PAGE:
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I am a guitarist learning jazz and our combo leader has given us Bolivia by Cedar Walton. I can play the head and the comping (barely) but I am completely lost about improvising in the A section. I can "steal" some phrases from Cedar Walton's solo but I would appreciate a harmonic analysis of the tune to explain the decisions made there.

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Here is a decent chord chart from the iReal Book:

enter image description here

When you asked about the A section I thought of the G7 vamp since that comes first but in this chart the A section is the section with the chord changes and I’m sure that is the section you are referring to.

This is not an overly complex tune but it is highly chromatic with several substitute and secondary dominants and requires advanced skills to navigate it well as an improviser.

The basic way I approach the A section is that it is in 3 (or 4) different keys, Eb, D (Bm), and F. I say 3 or 4 because D and Bm can be thought of and justified as one key or as two different keys. My preference is to think of it as all D major with a good amount of time spent on the relative minor chord.

The Eb is only one bar. The Emaj7 leading into it is only a 1 beat passing chord played during the melody.

The A13 is a V7 to the new key of D so a bar before reaching the Dmaj7 chord you are already in D.

From there you have Ab7, a substitute dominant to Gmaj7, the IV chord.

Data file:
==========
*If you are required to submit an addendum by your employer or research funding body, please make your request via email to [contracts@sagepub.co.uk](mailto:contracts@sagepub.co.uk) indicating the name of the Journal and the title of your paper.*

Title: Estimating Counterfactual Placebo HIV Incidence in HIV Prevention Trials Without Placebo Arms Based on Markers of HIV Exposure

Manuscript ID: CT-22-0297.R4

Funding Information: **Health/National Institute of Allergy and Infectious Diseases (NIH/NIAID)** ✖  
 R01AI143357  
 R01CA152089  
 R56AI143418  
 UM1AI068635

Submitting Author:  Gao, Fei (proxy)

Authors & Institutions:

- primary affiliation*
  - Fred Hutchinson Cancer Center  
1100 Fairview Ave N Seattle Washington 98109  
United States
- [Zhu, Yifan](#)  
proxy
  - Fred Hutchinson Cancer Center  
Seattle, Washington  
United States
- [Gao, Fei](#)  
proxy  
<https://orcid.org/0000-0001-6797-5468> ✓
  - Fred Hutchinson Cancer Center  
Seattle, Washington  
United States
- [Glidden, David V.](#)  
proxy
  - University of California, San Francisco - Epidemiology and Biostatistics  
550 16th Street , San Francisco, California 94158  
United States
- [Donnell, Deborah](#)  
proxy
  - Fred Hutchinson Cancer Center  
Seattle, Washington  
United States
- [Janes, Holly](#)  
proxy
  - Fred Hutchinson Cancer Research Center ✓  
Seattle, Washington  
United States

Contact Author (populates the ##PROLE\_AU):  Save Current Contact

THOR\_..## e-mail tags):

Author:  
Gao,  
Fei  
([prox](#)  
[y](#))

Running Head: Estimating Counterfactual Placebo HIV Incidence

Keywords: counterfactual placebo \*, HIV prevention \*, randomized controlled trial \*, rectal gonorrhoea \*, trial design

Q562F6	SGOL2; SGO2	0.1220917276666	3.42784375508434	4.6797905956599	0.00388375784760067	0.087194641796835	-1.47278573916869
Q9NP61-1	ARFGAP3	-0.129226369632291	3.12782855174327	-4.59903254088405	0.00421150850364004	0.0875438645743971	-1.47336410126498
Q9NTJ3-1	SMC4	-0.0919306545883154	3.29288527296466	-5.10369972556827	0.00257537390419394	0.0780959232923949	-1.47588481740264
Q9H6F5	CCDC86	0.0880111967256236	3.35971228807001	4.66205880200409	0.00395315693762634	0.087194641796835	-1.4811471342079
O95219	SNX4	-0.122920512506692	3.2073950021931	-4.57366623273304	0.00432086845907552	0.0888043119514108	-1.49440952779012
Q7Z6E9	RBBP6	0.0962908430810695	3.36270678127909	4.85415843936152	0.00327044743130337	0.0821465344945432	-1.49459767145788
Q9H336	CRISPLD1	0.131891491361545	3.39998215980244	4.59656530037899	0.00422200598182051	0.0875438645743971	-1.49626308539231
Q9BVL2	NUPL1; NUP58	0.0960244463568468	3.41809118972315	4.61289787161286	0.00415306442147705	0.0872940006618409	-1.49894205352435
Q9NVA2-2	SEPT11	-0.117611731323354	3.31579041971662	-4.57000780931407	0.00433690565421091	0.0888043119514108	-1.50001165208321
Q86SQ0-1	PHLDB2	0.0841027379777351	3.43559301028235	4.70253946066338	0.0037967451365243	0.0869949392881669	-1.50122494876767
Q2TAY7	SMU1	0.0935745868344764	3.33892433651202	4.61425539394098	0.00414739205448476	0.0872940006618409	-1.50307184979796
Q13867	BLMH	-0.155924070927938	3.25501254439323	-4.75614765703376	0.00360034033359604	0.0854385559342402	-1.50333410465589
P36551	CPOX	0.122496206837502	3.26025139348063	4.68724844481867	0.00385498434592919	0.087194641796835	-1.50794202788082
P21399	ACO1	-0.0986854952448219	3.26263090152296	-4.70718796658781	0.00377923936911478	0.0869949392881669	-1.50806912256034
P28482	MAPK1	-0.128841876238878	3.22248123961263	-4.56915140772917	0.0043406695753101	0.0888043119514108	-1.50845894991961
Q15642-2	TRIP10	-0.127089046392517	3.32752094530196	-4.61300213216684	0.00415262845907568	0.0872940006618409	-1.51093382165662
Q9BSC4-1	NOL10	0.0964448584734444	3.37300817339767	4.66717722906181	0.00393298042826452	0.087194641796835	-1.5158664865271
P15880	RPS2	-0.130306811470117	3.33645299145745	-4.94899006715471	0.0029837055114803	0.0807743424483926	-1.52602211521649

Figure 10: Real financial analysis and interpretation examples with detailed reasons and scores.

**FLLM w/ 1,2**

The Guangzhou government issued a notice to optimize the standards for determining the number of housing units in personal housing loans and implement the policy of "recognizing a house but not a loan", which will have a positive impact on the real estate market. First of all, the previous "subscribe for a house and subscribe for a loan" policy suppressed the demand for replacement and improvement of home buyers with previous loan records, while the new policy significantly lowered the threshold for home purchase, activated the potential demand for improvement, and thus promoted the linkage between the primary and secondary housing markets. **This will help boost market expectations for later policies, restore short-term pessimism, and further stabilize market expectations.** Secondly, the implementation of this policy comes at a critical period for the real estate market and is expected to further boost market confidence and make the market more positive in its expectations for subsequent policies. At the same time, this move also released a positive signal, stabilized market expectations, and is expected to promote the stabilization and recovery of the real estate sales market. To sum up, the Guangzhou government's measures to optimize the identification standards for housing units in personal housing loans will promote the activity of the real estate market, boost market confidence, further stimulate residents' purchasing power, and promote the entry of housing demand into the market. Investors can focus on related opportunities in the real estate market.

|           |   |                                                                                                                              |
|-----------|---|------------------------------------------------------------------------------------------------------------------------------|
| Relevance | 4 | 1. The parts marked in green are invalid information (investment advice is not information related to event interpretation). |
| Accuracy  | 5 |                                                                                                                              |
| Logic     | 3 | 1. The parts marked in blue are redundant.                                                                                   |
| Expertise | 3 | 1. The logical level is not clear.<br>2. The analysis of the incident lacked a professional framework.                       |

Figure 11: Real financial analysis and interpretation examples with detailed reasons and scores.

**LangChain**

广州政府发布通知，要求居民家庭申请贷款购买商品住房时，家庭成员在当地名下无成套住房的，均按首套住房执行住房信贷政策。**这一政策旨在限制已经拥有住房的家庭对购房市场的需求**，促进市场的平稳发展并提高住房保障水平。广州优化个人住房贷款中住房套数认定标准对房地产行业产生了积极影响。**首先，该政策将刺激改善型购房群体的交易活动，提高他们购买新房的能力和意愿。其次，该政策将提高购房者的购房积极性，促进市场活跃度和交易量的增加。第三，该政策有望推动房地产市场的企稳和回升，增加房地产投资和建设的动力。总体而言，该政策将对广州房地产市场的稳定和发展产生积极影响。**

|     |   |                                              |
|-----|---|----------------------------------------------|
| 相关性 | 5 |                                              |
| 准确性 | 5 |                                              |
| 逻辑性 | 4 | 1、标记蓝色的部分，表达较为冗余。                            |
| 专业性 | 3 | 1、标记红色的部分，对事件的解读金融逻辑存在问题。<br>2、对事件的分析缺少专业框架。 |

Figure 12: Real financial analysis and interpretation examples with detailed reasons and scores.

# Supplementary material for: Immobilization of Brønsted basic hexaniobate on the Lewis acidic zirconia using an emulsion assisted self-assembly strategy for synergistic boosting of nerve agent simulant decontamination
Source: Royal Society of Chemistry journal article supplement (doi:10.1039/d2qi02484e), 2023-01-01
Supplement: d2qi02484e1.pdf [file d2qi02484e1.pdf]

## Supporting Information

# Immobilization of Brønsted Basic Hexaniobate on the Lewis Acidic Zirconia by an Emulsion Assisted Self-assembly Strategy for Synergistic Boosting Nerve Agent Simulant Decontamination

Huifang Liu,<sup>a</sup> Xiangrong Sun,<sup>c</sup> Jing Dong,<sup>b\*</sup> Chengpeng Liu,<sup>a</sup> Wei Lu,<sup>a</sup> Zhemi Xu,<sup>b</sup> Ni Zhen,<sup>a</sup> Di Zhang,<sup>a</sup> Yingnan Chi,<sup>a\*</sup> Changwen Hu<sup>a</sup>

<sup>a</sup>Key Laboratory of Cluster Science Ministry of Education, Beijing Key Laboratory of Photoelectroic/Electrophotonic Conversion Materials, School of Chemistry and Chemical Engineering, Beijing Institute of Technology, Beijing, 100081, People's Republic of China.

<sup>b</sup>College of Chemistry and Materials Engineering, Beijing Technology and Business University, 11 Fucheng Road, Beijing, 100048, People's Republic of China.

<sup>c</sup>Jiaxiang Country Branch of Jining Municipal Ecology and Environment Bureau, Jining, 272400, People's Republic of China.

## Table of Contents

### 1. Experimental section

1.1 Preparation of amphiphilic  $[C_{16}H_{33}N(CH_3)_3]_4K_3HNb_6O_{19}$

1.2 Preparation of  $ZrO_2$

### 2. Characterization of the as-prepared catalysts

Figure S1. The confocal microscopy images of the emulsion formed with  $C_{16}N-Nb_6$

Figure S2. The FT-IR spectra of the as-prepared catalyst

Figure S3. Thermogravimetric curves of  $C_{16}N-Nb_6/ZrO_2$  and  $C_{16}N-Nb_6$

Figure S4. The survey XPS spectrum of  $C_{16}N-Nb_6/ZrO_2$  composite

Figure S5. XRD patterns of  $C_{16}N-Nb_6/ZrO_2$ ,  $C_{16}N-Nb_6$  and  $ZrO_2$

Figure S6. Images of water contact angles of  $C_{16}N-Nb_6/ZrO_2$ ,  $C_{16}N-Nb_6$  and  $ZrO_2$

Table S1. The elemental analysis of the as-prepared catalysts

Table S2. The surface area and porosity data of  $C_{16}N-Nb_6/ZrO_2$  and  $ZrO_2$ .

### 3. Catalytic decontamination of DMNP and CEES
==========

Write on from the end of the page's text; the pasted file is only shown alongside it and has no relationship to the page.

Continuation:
Next is a secondary dominant that resolves, F#7 to Bm7 V/VIm to VIm. At this point it would be acceptable to think of Bm as the relative minor OR a modulation to the key of Bm

The next chord, Cmaj7#11 has a kind of bII Phrygian relationship to the Bm. bIImaj7 chords are common in jazz in both major and minor keys. Beatrice by Sam Rivers and Speak No Evil by Wayne Shorter have examples of this chord.

Then back to Bm7 and Bm7/A for two bars. If you noticed, the melody starting on the Gmaj7 till now (6 bars total) has been all notes from a D major triad tying all this chromaticism together.

The following chord, G#m7b5 can be thought of in two ways. First, as a #IVm7b5 in D, a chord often used as a substitute reharmonization for either diatonic IIm7 or IVmaj7 chords. You can also think of this as a diatonic chord in Bm Dorian, the VIm7b5 chord. Jazz players tend to think in Dorian a lot when playing in minor.

After that we modulate to F starting with a 2-5-1, Gm7-C7-Fmaj7

The B7 is a substitute dominant to the IV, Bbmaj7.

The A7 is a secondary dominant to the VIm in F which never resolves, or does it? G7 is like a Dm6/G so there is a sense of resolution going to the next section.

It all adds up to this:

enter image description here

This tune is a favorite of mine and I have some great memories of Cedar, I used to hear him regularly at a NY club called Bradley’s in the 80’s and 90’s and even got to meet and chat with him a bit. I also had the honor of playing bass with him in a trio concert when I lived in Santa Fe, NM in the 1990’s.

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  • Thank you for the explanation and annotated chart!! Will try this later today and update your answer then. – infojunkie Nov 26 '20 at 20:24

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